Every week, Rewire.News highlights trends in abortion-related legislation moving through the states, and how those bills might affect abortion access. This week, we take a look at Utah’s proposed “trigger law” and forced ultrasound bill, a near-total abortion ban in Alaska, and a forced 48-hour waiting period advancing in Wyoming.
A “trigger ban” that would outlaw abortion in the state if the U.S. Supreme Court strikes down Roe v. Wade cleared an initial vote in the Utah Senate last week. After the senate committee on health and human services approved the bill Wednesday, SB 174 passed a second reading in a Friday party-line vote on the senate floor. Before the vote, lawmakers rejected an amendment by Sen. Luz Escamilla (D-Salt Lake City) proposing to prohibit any male ejaculation that takes place outside a vagina—the latest example of satirical “joke” legislation from pro-choice state lawmakers.
The trigger ban still needs to pass a third reading in the senate before moving to the state house. If the bill passes, Utah would join eight states with trigger bans.
Roe has collapsed and Texas is in chaos.
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Just days earlier, pro-choice advocates released a poll (commissioned by Planned Parenthood Association of Utah, Alliance for a Better Utah, and the ACLU of Utah) showing 80 percent of Utahns oppose making the state’s abortion laws stricter.
Meanwhile, the Utah House Judiciary Committee spent Friday morning debating a forced ultrasound bill that could make pregnant people pay for the mandatory procedure—unless they’re willing to go to an anti-choice pregnancy center to get it. After a fiscal analysis of the bill’s original version estimated it would cost the state health department $76,900 a year, Rep. Steve Christiansen (R), the bill’s sponsor, submitted revised legislation Wednesday that would require pregnant people to pay a “reasonable fee.” Christiansen said ultrasounds would remain free at anti-choice clinics, which don’t provide a full range of reproductive health care. The committee tabled the discussion without voting on the bill, which seeks to add to the mandatory counseling and 72-hour waiting period that Utah already imposes.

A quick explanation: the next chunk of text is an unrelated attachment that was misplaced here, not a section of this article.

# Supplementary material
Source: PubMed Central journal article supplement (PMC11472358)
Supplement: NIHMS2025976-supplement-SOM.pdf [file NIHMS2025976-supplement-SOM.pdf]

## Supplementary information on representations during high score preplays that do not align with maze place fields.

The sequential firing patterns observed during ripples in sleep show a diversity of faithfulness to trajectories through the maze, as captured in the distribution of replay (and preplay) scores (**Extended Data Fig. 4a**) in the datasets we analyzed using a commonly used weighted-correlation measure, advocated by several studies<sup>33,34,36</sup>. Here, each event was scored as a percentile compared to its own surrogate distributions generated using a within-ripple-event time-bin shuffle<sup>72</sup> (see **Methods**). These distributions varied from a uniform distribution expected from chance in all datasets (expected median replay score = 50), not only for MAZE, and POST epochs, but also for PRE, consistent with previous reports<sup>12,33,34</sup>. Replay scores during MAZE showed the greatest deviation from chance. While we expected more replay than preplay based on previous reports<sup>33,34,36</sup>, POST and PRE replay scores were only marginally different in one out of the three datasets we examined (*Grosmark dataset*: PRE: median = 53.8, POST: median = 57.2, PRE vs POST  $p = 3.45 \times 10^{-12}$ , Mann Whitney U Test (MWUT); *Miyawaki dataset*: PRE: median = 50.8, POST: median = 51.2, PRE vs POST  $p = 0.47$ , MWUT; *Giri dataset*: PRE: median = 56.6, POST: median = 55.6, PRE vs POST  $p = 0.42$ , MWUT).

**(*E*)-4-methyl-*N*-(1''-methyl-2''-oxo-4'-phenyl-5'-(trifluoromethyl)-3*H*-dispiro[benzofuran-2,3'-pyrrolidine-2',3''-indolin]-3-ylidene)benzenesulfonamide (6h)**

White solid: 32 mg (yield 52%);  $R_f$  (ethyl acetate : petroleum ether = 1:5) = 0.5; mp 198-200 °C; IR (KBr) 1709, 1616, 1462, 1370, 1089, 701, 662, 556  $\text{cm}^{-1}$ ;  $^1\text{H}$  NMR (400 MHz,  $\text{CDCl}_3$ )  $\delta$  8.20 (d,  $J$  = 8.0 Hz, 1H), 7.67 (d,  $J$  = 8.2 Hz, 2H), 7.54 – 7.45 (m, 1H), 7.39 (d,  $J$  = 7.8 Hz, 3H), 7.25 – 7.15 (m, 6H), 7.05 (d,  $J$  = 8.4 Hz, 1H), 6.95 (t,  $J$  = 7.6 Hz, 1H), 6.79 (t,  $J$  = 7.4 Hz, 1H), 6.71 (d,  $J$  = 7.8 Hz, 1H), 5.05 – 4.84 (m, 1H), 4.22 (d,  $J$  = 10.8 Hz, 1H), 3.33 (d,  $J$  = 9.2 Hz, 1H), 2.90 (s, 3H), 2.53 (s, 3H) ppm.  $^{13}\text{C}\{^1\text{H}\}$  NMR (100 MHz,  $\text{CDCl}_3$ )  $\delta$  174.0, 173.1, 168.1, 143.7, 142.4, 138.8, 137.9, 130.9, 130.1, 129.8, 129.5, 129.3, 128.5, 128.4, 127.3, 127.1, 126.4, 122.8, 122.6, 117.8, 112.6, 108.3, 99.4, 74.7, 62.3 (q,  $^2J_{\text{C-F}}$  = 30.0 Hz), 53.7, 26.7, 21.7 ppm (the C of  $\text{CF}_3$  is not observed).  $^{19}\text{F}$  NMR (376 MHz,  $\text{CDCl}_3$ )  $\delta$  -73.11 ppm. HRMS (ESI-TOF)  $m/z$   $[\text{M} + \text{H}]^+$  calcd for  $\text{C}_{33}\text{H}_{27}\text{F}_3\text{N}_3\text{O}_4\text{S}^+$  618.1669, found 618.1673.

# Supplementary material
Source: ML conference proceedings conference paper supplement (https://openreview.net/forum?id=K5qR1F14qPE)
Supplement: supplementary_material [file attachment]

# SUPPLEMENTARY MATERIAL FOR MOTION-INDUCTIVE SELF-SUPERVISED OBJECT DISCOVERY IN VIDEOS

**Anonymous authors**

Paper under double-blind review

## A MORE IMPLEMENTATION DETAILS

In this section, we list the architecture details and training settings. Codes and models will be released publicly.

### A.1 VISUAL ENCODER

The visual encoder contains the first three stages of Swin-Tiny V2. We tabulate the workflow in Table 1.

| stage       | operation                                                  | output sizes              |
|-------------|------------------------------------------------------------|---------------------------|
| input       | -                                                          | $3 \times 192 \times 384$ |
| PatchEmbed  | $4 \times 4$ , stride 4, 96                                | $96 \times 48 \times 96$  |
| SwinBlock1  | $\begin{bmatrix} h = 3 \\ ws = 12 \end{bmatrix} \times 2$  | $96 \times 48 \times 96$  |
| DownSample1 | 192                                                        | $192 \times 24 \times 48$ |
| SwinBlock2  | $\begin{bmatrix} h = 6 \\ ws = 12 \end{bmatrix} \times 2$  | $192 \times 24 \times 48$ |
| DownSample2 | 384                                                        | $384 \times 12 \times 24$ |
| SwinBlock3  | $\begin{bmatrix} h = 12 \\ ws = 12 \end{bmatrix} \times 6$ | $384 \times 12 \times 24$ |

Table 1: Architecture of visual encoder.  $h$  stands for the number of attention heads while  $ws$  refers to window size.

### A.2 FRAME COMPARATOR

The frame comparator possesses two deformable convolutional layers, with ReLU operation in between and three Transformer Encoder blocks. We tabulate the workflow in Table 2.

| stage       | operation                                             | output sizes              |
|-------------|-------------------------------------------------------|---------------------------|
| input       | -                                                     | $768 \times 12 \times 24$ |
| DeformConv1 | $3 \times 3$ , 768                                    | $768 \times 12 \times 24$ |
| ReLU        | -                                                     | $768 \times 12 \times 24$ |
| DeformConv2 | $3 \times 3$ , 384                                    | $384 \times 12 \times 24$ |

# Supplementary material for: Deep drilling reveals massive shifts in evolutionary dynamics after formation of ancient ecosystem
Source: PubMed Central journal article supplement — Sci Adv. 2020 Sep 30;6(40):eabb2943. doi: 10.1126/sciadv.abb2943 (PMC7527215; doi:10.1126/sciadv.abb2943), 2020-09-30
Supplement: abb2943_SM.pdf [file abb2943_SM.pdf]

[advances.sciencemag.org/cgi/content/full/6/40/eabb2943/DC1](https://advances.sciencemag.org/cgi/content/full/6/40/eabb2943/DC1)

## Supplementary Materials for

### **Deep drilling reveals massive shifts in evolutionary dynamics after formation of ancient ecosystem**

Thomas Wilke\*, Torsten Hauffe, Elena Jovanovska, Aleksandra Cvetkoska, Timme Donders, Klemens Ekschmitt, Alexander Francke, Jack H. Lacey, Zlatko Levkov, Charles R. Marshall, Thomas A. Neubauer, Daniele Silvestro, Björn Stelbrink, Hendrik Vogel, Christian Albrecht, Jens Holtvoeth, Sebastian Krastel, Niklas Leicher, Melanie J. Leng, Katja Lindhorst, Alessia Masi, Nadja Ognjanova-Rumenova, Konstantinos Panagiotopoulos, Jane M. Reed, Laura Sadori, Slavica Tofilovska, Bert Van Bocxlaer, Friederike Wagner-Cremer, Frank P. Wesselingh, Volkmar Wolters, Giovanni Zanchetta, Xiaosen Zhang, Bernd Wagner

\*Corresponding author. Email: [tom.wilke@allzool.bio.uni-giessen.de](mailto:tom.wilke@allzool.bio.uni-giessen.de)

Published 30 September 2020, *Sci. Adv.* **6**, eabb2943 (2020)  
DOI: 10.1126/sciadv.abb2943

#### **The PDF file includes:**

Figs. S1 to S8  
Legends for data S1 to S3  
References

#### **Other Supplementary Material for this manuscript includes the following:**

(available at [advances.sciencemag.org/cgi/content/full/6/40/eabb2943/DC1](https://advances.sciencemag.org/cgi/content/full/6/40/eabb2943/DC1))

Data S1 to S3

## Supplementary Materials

Alaska’s Republican-majority legislature will consider a near-total abortion ban after Rep. Sarah Vance (R-Homer) introduced a “heartbeat” bill last week. So-called fetal heartbeat legislation outlaws abortion around six weeks into a pregnancy, before most people know they’re pregnant. The bill was referred to the house health and social services committee. It has 18 co-sponsors, which means it will only need a few more supporters to reach the 21 votes needed to pass the Alaska House of Representatives.
HB 302 defines a fetal heartbeat as “cardiac activity or the steady and repetitive rhythmic contraction of the fetal heart within the gestational sac.” This language is medically inaccurate because at six weeks’ gestation, there is no fetus and no heart; what can be measured is electrical activity in the fetal pole, a thick area extending along the embryo.
Xochitl Lopez-Ayala, a board member of the Northwest Abortion Access Fund, criticized bills like HB 302 for being written dishonestly. “They’re basically designed as propaganda to ban an abortion,” Lopez-Ayala told Homer News. “They’re trying to use terms that would resonate with people more.”
The Wyoming House of Representatives passed a forced 48-hour waiting period bill, HB 197, on Friday. Seven Republicans joined the chamber’s nine Democrats to vote against the bill. While they failed to stop the legislation, they succeeded in amending it to reduce the penalty against physicians who violate the waiting period.
The amendment, introduced by Rep. Andi Clifford (D-Fremont), would make violating the law a misdemeanor punishable with a maximum of one year in prison, a $1,000 fine, or both, KGAB reports. Doctors who violated the law would have faced a felony up to ten years in prison under the original bill.
The bill now moves to the state senate, in which only three out of 30 senators are Democrats.
Research has shown that forced waiting periods rarely dissuade people from seeking abortion care—they do, however, introduce logistical and financial roadblocks to care.